Werner Herzog Discovers that John Waters is Gay
Werner Herzog is one of the most compelling filmmakers of our time. To many, he comes off as a rambling crackpot, but I like those kinds of people. I do my best to see every one of his films, and want to buy them to view over and over. Maybe one day I’ll understand what he’s talking about. He can be hilarious, metaphysical, pedantic, quotable, down-to-earth, and disconnected, which are the most endearing traits I can imagine.
I found On the Ecstasy of Ski-Flying buried in Netflix and watched it last night. I nearly fell off the chair when Herzog began speaking about John Waters as an example of a “real” man. I first met John in 1973 in the equipment room of the film department of the University of Maryland Baltimore County when he was trying to make a deal to have students work on his film Female Trouble. Like Herzog describes in the clip, I didn’t see Waters as a gay man. Determined, yes; ironic, yes; compelling, yes; unique, yes; smart, yes. Gay? I didn’t think to ask.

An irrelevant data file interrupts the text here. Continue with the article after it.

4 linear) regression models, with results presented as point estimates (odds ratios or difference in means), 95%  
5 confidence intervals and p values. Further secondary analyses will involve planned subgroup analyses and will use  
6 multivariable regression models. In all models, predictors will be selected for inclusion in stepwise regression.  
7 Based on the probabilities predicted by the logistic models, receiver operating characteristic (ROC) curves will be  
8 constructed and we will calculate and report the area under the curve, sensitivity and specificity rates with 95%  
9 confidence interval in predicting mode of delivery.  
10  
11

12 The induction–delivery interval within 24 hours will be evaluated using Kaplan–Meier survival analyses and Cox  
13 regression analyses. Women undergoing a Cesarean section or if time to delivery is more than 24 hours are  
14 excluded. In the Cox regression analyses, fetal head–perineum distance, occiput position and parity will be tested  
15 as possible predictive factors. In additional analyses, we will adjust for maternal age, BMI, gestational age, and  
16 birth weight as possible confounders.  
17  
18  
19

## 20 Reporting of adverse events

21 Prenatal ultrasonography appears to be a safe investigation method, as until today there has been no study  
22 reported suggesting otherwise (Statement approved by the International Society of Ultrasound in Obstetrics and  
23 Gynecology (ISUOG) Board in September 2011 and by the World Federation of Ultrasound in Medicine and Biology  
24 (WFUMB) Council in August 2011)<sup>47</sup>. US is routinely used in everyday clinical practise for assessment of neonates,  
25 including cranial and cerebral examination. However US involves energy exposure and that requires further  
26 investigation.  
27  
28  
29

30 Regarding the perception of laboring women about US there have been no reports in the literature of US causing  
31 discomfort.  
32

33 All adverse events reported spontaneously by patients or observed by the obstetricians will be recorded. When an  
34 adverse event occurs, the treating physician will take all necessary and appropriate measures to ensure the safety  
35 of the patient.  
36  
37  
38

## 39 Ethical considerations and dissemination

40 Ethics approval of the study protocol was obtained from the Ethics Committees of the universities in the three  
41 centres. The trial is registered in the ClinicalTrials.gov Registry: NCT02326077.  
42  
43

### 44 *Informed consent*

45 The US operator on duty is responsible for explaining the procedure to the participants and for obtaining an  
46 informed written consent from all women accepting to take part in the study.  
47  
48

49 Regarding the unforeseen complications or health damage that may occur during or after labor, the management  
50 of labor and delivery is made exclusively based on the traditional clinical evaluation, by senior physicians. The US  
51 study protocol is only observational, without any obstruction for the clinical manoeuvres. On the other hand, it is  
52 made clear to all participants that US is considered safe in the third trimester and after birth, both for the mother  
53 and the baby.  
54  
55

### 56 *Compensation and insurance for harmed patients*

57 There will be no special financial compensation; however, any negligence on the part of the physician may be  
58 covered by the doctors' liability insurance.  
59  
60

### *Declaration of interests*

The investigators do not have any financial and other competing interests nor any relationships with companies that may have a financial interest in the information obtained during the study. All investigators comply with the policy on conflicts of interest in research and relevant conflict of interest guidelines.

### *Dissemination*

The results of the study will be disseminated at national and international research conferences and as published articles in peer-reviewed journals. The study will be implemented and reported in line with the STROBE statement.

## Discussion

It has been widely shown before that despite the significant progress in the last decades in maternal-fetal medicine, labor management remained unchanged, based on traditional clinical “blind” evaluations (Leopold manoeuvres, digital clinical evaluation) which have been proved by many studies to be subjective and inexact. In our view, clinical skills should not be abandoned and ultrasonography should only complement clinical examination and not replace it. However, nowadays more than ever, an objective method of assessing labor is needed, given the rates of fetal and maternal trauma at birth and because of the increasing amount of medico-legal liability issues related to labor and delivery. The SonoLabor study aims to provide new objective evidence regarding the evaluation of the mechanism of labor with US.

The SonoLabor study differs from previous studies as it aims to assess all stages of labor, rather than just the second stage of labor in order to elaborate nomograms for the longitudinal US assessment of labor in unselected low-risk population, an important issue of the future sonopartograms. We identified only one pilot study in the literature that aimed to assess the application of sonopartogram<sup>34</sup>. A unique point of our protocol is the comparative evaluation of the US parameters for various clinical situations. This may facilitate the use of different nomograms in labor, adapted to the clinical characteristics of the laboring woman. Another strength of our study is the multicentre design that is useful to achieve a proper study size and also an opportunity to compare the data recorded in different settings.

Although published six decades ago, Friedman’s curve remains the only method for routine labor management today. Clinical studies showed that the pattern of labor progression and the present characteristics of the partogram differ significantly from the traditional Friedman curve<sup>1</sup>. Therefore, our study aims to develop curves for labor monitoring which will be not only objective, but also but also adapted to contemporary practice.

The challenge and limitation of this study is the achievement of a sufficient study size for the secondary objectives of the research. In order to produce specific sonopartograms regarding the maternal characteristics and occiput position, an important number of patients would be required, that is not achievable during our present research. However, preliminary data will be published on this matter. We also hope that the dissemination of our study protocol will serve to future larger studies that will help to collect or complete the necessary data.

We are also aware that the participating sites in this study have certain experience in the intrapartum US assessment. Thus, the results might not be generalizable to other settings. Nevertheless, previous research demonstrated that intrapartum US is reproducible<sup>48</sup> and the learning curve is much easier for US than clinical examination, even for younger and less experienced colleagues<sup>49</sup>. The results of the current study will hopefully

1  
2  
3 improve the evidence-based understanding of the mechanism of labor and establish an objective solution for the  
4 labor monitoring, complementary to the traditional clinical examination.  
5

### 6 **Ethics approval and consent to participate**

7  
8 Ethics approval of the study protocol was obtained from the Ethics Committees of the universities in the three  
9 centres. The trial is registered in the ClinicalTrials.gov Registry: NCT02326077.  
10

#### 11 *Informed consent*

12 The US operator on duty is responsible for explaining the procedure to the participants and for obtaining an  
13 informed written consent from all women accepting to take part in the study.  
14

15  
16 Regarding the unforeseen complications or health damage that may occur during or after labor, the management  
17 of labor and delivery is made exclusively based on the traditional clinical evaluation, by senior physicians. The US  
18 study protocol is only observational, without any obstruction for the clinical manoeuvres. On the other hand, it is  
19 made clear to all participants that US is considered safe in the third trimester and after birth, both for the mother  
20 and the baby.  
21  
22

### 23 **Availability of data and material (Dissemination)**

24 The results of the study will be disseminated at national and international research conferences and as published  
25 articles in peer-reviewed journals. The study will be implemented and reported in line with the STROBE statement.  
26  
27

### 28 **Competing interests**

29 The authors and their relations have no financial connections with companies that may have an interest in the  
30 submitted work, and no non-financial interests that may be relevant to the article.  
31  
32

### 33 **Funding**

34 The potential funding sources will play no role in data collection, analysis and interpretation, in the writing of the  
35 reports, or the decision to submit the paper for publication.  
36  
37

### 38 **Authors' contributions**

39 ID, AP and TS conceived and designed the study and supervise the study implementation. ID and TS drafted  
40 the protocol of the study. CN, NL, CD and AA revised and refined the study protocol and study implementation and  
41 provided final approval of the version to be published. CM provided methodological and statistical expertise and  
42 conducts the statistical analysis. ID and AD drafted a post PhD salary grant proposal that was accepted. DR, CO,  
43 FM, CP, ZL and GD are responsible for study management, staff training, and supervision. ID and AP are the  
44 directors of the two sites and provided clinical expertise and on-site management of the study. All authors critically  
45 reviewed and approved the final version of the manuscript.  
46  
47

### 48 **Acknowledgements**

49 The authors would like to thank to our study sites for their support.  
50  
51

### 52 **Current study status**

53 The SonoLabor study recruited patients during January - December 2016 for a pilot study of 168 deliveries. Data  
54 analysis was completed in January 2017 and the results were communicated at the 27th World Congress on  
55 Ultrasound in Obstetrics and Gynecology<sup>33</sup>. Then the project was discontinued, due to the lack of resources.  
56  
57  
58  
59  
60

After I started working on Female Trouble, I began to wonder a little about John especially with lines like Edith Massey’s immemorial, “The world of the heterosexual is a sick and boring life.” When naïve little hetero me asked him if he really meant that from experience, or what…. he just laughed and said I should come hang with him in Fells Point bars on Friday nights. I did, and that began a whole new education.
Clip Courtesy of Slought Foundation. To buy the film, click on the link to microcinema dvd below.
“On the Ecstasy of Ski-Flying: Werner Herzog in Conversation with Karen Beckman”
Produced and edited by Aaron Levy and Nicola Gentili, with the 2007-2008 RBSL Bergman Curatorial Seminar, University of Pennsylvania Published by Slought Foundation
Read about Robert Maier’s fifteen years working with John Waters in the new book “Low Budget Hell: Making Underground Movies with John Waters.” Available on Amazon.com and booksellers around the world.